Implementing company-wide change—particularly with large teams—is a monumental task that must be approached methodically, and thoughtfully.
Even within forward-thinking companies, resistance to change exists.
Getting your team on board with using a new project management tool is no different than asking them to adapt to other changes, and can be a difficult process.
Fortunately, there are a number of strategies you can use to turn technical skeptics into keen users.
You’ve done the research, compared and demoed a shortlist of project management tools, and have your new system in place. Time to relax, right? Not so fast.
Your new project management tool isn’t doing your team any good if they’re not using it.
We’ve got five steps to help you successfully implement a new PM tool, but before you can do so, you need to understand where your employees’ resistance is coming from.
Deconstructing change resistance
You can’t just throw a new PM tool at your team and expect them to play with it
Change and adaptability are essential components of an efficient workplace. Whether the changes affect your physical working environment or software system, transformation is necessary to keep your business moving forward.
These necessary changes, however, will inevitably meet resistance. Discussing resistance to change and effective change management for Harvard Business Review back in 1969, Paul R. Lawrence wrote that “what employees resist is usually not technical change but social change—the change in their human relationships that generally accompanies technical change.”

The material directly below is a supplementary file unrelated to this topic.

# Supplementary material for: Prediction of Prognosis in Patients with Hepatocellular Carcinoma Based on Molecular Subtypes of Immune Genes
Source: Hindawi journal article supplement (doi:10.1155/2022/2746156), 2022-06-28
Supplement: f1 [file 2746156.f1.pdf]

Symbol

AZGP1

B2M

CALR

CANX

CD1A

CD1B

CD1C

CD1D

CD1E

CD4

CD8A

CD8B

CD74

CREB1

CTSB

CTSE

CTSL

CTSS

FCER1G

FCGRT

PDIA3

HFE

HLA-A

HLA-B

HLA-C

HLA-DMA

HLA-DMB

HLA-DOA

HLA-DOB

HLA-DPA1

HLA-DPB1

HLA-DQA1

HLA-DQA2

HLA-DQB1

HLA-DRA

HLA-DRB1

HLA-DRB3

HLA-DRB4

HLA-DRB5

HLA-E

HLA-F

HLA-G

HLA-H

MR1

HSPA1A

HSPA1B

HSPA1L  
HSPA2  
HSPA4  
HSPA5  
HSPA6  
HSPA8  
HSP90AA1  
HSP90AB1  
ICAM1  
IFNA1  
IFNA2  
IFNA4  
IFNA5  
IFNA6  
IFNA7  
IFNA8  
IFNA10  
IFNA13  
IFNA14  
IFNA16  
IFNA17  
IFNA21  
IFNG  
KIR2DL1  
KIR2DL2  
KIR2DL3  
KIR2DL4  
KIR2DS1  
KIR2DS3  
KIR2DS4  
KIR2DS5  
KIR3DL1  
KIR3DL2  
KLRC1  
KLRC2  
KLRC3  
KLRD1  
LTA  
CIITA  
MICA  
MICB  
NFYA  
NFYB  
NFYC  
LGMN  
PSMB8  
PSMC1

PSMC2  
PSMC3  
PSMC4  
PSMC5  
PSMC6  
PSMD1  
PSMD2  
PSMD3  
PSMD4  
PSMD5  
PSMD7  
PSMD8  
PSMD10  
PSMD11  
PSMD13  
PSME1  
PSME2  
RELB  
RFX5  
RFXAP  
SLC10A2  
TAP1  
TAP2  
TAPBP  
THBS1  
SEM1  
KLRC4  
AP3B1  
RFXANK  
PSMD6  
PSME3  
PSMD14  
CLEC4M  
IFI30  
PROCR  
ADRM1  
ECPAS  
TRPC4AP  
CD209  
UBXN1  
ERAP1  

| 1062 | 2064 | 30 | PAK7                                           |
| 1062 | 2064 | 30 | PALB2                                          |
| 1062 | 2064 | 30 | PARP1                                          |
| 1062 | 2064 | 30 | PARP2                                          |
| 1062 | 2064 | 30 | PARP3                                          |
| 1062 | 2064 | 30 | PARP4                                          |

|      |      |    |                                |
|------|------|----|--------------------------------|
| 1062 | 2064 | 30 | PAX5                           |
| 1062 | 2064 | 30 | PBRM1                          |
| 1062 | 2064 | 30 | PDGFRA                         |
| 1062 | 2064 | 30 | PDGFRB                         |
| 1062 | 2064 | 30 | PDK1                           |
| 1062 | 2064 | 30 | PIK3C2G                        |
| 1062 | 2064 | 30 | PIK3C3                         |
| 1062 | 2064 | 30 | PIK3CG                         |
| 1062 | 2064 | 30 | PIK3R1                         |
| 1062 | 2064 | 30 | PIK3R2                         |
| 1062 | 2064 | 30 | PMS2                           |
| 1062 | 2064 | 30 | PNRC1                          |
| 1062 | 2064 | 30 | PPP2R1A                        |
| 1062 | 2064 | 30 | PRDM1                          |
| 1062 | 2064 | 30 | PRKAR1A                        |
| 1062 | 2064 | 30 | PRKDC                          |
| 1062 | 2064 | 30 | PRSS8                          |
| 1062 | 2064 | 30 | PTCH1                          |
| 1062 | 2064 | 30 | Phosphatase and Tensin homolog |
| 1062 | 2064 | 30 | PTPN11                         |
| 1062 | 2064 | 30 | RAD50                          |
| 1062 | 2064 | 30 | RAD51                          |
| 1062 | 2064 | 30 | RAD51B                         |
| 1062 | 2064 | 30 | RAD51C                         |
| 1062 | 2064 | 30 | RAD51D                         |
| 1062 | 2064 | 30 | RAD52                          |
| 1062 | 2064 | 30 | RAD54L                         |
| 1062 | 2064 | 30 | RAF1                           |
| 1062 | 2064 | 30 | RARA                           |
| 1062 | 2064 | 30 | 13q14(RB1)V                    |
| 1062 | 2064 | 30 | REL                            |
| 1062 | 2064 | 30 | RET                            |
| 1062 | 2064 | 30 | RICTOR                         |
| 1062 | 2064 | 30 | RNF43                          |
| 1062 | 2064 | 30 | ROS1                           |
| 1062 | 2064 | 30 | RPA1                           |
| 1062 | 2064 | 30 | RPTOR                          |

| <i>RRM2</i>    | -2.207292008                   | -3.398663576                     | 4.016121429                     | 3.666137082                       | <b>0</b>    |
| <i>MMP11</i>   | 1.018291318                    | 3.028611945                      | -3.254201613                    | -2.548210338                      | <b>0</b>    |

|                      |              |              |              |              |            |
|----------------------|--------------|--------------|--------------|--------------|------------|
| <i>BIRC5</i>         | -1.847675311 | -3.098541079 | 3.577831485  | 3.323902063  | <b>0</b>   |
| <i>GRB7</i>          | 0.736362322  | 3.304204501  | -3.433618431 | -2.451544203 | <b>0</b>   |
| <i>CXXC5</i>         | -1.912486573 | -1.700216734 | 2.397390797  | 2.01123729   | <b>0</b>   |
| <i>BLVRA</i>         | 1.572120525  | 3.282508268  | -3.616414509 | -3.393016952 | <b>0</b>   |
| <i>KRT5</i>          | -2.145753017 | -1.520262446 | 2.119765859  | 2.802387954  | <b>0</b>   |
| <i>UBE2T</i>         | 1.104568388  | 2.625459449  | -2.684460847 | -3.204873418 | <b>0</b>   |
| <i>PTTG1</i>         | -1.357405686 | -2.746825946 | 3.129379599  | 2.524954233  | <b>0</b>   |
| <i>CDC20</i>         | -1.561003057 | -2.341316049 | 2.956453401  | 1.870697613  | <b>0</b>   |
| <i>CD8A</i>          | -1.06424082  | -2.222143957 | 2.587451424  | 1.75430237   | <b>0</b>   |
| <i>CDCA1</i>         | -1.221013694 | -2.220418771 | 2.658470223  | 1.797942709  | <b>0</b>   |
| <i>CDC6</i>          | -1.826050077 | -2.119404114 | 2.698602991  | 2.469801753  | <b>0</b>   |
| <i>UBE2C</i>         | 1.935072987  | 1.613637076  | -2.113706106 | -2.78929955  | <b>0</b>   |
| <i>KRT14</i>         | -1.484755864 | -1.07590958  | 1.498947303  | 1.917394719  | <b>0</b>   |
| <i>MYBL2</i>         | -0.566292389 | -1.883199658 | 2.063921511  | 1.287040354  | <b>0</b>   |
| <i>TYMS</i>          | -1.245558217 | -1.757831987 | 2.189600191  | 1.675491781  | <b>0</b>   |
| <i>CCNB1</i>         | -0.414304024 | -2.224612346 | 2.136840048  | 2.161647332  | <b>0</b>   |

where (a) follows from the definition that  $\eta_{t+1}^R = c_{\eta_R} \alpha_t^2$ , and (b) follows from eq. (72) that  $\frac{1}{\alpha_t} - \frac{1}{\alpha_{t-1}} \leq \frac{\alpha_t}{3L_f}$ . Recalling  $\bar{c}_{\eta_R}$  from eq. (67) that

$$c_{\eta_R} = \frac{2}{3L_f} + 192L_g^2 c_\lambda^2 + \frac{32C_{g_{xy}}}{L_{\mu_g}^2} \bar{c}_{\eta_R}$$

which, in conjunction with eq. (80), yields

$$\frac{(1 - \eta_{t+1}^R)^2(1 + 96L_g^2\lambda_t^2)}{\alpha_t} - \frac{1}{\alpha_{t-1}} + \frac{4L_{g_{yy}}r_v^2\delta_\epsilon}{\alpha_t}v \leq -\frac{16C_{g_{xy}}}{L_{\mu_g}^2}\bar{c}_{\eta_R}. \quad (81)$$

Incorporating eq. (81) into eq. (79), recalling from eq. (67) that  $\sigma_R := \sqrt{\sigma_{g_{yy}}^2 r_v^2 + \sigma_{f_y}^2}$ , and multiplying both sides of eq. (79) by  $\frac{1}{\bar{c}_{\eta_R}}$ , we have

What causes this social change, and how can we overcome or ease resistance to it?
In their 1948 study “Overcoming Resistance to Change,” Lester Coch and John R.P. French Jr. found that employee participation was central to a smooth workflow transition. They introduced a new workflow to four groups of factory workers, each of which was instructed on or exposed to the change in a different way.
For example, the first group was simply told about the new workflow and asked to use it going forward. The fourth group was consulted on the issue that needed fixing, and collaborated on a new workflow to address the issue with their managers.
Unsurprisingly, the first group responded negatively, and suffered a drop in productivity and an increase in resignations. In comparison, the fourth group quickly adapted to the new workflow and recorded increased productivity.